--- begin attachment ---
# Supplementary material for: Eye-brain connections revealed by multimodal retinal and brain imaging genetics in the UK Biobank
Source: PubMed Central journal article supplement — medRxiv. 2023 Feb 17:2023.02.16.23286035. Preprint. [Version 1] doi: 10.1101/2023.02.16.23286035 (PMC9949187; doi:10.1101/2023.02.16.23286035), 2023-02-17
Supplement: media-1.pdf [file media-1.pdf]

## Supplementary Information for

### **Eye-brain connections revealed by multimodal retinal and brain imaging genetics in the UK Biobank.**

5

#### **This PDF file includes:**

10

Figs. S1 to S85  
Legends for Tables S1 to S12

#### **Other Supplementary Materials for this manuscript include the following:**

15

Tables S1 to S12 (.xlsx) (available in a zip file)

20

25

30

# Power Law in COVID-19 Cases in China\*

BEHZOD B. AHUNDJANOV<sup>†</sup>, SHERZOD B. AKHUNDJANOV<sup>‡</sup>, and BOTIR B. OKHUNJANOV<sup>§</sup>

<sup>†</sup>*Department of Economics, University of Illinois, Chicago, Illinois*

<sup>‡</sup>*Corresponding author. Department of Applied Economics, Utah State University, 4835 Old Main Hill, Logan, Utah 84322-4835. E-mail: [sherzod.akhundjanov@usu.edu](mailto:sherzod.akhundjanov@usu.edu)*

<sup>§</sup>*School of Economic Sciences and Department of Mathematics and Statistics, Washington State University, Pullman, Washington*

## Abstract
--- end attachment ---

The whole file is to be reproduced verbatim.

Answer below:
# Supplementary material for: Eye-brain connections revealed by multimodal retinal and brain imaging genetics in the UK Biobank
Source: PubMed Central journal article supplement — medRxiv. 2023 Feb 17:2023.02.16.23286035. Preprint. [Version 1] doi: 10.1101/2023.02.16.23286035 (PMC9949187; doi:10.1101/2023.02.16.23286035), 2023-02-17
Supplement: media-1.pdf [file media-1.pdf]

## Supplementary Information for

### **Eye-brain connections revealed by multimodal retinal and brain imaging genetics in the UK Biobank.**

5

#### **This PDF file includes:**

10

Figs. S1 to S85  
Legends for Tables S1 to S12

#### **Other Supplementary Materials for this manuscript include the following:**

15

Tables S1 to S12 (.xlsx) (available in a zip file)

20

25

30

# Power Law in COVID-19 Cases in China\*

BEHZOD B. AHUNDJANOV<sup>†</sup>, SHERZOD B. AKHUNDJANOV<sup>‡</sup>, and BOTIR B. OKHUNJANOV<sup>§</sup>

<sup>†</sup>*Department of Economics, University of Illinois, Chicago, Illinois*

<sup>‡</sup>*Corresponding author. Department of Applied Economics, Utah State University, 4835 Old Main Hill, Logan, Utah 84322-4835. E-mail: [sherzod.akhundjanov@usu.edu](mailto:sherzod.akhundjanov@usu.edu)*

<sup>§</sup>*School of Economic Sciences and Department of Mathematics and Statistics, Washington State University, Pullman, Washington*

## Abstract